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1V-LSD (also known as 1-valeroyl-lysergic acid diethylamide) is a semisynthetic psychedelic drug of the lysergamide class. It is an analog of LSD and is named for the valeric acid attached to the nitrogen molecule of LSD's indole.

History[edit | edit source]

1V-LSD was first synthesized by the Swiss chemist Albert Hofmann in the 1960s, but it did not gain popularity until the 2010s. It is part of a larger group of LSD analogs, including AL-LAD, ETH-LAD, and 1P-LSD.

Pharmacology[edit | edit source]

Like other lysergamides, 1V-LSD likely acts as a 5-HT2A receptor agonist. However, the exact mechanism of action is not fully understood. It is thought that the drug's psychedelic effects come from its efficacy at the 5-HT2A receptors distributed throughout the brain.

Effects[edit | edit source]

The effects of 1V-LSD are similar to those of LSD, but with a slightly longer duration. Users report visual hallucinations, altered thinking processes, closed and open eye visuals, synesthesia, an altered sense of time, and spiritual experiences.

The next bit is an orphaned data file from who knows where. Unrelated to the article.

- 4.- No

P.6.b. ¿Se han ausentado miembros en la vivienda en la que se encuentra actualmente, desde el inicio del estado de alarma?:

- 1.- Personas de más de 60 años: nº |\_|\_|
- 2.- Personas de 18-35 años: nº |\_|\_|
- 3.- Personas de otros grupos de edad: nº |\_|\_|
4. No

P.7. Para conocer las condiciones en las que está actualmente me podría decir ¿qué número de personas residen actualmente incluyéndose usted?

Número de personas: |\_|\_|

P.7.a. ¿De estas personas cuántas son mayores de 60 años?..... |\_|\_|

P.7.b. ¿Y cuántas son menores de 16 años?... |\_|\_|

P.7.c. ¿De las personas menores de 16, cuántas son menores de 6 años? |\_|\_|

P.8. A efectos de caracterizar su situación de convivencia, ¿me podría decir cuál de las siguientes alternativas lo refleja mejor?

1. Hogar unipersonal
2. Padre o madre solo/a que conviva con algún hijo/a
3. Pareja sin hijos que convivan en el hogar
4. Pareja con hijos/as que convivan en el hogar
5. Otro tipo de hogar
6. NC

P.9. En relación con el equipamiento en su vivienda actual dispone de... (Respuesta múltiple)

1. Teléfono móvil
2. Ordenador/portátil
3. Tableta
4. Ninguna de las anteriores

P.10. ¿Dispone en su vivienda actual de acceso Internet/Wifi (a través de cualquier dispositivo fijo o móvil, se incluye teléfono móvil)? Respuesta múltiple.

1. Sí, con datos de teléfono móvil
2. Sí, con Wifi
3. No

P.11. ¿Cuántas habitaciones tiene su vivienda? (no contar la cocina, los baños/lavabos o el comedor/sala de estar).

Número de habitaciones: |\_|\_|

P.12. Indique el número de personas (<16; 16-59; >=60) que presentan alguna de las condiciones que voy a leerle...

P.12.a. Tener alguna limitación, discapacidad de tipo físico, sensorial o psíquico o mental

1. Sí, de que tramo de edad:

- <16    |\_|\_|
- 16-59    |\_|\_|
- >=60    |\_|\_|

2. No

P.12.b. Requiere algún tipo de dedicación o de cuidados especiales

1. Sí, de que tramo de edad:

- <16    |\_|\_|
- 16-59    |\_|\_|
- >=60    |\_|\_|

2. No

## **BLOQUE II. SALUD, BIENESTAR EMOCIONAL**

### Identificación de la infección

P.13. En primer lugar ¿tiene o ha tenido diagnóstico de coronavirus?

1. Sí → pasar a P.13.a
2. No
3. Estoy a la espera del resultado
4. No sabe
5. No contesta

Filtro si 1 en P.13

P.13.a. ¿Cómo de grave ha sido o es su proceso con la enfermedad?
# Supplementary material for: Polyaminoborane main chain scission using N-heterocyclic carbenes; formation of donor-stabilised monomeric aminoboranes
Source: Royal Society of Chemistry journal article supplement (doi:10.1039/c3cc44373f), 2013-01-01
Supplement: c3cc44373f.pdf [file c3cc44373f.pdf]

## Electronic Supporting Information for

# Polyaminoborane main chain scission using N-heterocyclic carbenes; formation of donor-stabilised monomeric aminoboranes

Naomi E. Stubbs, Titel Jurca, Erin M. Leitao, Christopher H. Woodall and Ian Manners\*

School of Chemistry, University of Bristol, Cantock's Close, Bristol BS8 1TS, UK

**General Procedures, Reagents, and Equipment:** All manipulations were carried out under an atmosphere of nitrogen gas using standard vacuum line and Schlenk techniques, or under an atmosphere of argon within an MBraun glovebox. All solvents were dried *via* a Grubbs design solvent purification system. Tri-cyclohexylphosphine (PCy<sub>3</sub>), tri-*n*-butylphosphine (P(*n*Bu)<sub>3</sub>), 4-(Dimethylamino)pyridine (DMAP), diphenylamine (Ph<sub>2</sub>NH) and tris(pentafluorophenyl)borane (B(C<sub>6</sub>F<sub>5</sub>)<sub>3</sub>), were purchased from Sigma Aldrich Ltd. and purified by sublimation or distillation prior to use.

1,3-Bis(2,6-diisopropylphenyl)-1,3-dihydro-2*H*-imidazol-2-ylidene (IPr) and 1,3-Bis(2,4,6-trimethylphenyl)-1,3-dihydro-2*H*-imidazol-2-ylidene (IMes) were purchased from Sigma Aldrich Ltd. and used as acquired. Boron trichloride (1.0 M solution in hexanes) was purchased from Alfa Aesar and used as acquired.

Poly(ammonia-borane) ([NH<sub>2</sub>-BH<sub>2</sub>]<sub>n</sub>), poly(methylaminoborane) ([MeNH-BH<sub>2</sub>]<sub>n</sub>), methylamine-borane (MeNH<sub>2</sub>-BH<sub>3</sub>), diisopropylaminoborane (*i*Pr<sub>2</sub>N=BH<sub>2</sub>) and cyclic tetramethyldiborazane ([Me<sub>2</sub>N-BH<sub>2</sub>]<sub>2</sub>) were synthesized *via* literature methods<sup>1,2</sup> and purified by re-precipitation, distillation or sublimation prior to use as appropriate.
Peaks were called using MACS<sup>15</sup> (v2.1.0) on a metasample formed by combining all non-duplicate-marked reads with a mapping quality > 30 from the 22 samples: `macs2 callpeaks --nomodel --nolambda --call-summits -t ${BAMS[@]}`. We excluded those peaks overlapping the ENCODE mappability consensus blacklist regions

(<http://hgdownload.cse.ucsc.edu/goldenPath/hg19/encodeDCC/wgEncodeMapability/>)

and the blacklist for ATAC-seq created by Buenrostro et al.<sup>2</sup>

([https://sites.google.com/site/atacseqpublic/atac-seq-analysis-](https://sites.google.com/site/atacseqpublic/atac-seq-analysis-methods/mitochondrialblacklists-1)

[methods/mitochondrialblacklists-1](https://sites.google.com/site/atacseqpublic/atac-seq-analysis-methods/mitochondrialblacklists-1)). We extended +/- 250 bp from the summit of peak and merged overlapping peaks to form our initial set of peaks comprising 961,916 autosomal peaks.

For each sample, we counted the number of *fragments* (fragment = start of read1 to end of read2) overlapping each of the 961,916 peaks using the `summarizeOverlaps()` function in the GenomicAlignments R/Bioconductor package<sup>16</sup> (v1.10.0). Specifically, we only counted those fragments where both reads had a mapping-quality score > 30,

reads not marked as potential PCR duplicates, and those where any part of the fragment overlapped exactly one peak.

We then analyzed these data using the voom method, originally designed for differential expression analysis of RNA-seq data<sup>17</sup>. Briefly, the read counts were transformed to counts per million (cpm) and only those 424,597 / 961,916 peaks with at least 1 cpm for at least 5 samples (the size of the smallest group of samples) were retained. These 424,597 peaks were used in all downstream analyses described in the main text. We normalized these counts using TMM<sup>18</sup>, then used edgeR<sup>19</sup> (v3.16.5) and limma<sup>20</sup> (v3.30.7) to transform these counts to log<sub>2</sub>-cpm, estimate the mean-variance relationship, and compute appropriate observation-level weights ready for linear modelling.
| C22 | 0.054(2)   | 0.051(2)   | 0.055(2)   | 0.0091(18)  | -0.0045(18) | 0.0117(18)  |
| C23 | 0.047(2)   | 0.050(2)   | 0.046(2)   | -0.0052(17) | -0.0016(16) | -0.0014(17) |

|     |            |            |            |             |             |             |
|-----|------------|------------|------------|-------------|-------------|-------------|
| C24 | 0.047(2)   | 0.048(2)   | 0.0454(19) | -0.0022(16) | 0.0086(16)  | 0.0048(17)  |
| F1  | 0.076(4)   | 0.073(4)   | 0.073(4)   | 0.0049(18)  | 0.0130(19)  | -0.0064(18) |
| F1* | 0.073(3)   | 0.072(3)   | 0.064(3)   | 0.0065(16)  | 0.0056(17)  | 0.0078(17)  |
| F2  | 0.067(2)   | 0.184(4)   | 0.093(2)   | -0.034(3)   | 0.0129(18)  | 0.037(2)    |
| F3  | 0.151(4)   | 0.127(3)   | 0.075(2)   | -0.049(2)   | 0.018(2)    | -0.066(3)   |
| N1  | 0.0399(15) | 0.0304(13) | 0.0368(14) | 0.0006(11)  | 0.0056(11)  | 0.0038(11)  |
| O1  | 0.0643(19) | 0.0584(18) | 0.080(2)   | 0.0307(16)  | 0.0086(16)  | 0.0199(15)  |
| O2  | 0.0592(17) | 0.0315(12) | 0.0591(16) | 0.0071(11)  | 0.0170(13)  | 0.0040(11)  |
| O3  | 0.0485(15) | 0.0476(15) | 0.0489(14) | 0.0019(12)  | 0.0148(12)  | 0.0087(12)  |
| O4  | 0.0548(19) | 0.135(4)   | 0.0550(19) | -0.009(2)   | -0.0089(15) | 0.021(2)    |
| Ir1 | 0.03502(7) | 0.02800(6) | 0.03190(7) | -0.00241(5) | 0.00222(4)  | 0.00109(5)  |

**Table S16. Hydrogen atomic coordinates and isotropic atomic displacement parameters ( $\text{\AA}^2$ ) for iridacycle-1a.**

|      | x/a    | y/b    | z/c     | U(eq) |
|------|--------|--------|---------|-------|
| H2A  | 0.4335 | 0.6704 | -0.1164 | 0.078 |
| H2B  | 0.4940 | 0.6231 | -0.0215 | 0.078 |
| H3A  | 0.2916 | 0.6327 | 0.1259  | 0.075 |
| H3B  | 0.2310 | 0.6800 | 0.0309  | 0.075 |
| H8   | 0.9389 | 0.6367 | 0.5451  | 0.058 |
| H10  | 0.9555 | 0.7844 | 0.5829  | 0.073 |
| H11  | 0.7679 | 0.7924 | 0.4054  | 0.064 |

Legal Status[edit | edit source]

The legal status of 1V-LSD varies by country. In many countries, it is a controlled substance, similar to other LSD analogs. However, in some countries, it is legal to possess and use.

Safety[edit | edit source]

As with all psychedelics, 1V-LSD can cause adverse psychological reactions such as anxiety, paranoia, and delusions. There are no known physical health risks, but the drug's effects on the brain are not fully understood.

See Also[edit | edit source]

Psychedelic art.jpg

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Contributors: Prab R. Tumpati, MD